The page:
Write-minded: New Report Identifies Top Writing Strategies
In 2002, the National Assessment of Educational Progress tested writing skills in 4th, 8th and 12th grade students. Using newspaper articles, photographs, cartoons, letters and poems to stimulate writing, the NAEP asked students to write for three main purposes: narrative, information, and persuasive. The test was administered to 139,000 4th graders, 119,000 8th graders, and 19,000 12th graders.
The results indicated that only 28 percent of 4th graders, 21 percent of 8th graders, and 22 percent of 12th graders scored at or above the proficient level.While both 4th and 8th graders demonstrated small improvement from scores taken in 1998, the difference in scores for the high school seniors was statistically insignificant.
In an information-based economy, having a workforce unskilled in written communications is costly. In 2005, the College Board’s National Commission on Writing estimated that private companies spend more than $3 billion each year to teach employees how to write.
Motivated by a desire to strengthen the writing skills of U.S. students, a new report co-authored by Steve Graham, Currey Ingram Professor of Special Education, has identified 11 strategies to improve the writing skills of the nation’s adolescents. The report was presented at a briefing Oct. 19 in Washington, D.C. Graham’s co-author is Dolores Perin, associate professor of psychology and education at Teachers College, Columbia University.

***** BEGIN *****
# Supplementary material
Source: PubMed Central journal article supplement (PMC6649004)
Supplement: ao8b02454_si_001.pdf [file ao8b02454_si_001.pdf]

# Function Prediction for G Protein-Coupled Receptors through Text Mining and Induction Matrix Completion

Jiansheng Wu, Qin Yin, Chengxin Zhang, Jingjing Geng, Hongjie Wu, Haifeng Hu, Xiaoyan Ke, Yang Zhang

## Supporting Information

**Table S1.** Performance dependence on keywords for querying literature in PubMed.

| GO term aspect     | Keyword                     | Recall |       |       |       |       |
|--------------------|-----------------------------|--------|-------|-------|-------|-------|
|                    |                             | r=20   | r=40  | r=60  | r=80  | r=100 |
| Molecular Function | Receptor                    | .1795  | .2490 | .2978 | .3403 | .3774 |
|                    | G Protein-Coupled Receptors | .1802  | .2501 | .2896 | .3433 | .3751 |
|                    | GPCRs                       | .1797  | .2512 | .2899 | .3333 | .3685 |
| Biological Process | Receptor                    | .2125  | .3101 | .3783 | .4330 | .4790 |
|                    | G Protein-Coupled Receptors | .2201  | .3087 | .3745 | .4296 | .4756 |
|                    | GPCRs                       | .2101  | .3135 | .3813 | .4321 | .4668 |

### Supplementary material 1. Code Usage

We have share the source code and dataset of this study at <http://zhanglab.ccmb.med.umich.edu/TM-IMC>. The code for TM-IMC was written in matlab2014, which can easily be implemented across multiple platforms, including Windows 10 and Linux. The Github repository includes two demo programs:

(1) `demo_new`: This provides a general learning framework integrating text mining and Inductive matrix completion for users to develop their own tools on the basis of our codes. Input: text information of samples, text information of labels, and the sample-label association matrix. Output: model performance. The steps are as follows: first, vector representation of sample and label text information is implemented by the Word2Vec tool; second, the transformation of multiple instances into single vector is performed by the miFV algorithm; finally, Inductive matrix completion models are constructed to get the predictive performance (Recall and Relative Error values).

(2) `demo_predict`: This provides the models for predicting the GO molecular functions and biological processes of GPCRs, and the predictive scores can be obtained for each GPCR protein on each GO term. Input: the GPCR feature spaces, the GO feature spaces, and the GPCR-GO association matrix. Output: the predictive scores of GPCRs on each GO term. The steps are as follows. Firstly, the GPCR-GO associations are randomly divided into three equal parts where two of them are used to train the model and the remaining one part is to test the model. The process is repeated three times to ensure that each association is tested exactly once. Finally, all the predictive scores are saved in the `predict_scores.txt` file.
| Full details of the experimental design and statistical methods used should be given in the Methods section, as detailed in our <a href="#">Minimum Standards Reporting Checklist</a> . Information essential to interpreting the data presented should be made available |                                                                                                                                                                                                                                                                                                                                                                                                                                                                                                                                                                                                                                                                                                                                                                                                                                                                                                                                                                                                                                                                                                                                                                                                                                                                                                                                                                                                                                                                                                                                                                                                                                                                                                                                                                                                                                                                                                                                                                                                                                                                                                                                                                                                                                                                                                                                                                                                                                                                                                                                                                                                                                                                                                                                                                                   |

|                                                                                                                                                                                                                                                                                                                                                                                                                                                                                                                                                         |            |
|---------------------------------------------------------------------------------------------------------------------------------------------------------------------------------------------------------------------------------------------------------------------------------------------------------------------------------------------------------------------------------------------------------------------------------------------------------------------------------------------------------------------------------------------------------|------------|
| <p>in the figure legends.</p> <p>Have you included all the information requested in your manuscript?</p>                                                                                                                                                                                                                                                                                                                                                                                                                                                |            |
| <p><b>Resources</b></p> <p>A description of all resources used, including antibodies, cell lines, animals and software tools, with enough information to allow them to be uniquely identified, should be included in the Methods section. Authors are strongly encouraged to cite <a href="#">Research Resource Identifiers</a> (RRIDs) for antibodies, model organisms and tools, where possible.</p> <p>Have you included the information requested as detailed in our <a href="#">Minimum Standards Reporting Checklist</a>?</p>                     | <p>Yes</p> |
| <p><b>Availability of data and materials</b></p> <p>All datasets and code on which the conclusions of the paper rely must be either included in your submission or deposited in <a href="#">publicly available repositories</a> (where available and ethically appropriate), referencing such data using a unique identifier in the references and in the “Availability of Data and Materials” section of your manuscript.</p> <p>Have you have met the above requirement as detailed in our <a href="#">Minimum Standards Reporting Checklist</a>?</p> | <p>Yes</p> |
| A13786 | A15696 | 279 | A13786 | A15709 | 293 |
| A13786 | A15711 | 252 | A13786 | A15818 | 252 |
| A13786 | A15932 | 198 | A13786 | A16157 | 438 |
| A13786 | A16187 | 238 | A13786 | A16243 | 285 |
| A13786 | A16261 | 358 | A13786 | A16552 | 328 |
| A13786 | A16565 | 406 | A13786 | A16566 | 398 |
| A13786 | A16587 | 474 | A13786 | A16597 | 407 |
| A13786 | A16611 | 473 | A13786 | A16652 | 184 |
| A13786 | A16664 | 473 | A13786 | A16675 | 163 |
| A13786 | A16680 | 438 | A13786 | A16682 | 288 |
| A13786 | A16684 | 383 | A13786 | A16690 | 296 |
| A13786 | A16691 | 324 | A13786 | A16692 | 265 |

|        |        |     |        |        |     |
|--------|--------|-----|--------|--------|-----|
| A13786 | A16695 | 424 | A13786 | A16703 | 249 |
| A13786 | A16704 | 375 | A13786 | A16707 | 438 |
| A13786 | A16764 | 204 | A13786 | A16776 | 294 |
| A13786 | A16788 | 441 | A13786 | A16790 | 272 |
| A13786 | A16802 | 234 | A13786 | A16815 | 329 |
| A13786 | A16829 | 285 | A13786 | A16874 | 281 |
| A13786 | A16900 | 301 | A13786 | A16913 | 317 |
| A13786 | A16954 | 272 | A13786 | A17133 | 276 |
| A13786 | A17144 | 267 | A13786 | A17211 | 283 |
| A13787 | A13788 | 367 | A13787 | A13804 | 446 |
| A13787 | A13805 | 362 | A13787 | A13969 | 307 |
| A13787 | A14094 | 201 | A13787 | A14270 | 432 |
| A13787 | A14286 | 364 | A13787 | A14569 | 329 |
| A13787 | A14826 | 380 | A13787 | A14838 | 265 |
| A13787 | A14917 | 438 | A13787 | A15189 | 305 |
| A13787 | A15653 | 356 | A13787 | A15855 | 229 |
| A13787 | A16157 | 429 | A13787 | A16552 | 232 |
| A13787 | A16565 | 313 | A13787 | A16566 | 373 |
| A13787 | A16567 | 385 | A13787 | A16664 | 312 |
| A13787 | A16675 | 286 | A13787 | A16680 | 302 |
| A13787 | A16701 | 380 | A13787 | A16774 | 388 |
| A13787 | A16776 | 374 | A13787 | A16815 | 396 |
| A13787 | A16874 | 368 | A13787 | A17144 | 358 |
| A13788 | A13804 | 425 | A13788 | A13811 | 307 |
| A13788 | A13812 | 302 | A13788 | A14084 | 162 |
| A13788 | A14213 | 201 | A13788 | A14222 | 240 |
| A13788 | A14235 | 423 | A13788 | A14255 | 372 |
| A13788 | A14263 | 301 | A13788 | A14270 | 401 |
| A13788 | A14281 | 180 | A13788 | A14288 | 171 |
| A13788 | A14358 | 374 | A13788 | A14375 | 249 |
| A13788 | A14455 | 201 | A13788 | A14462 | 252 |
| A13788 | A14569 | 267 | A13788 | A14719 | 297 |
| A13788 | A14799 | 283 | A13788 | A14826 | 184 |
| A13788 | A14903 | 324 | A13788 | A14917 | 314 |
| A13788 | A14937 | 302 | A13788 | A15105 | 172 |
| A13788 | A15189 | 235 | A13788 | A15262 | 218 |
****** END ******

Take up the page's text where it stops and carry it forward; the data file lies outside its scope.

“We undertook this research to determine what we could do to change writing achievement and writing instruction in this country,” Graham said. “We’ve identified 11 strategies as being effective at teaching students how to write and improve their achievement.”
The report, Writing Next: Effective Strategies to Improve Writing of Adolescents in Middle and High School, is designed to address this critical shortfall in student learning and achievement. It was released by the Alliance for Excellent Education and commissioned by Carnegie Corporation of New York. The report is a companion publication to the Alliance’s 2004 report, Reading Next: A Vision for Action and Research in Middle and High School Literacy. “Reading proficiency is just half the literacy picture,” Bob Wise, former governor of West Virginia and Alliance president, said. “We have to widen the literacy spotlight to include writing as well as reading. Increasing students’ writing abilities increases their literacy abilities, which in turn, increases the likelihood that they will stay in school and graduate. And that means they have a much better chance for future success.”
Graham and Perin conducted a meta-analysis of existing experimental and quasi-experimental research on a variety of writing instructional methods and were able to glean from this comparison data the most effective strategies. The last such comprehensive review of the research literature was conducted by George Hillocks 20 years ago, Graham noted.
Reprinted with the permission of Peabody College. © 2006, Peabody College, Vanderbilt University.
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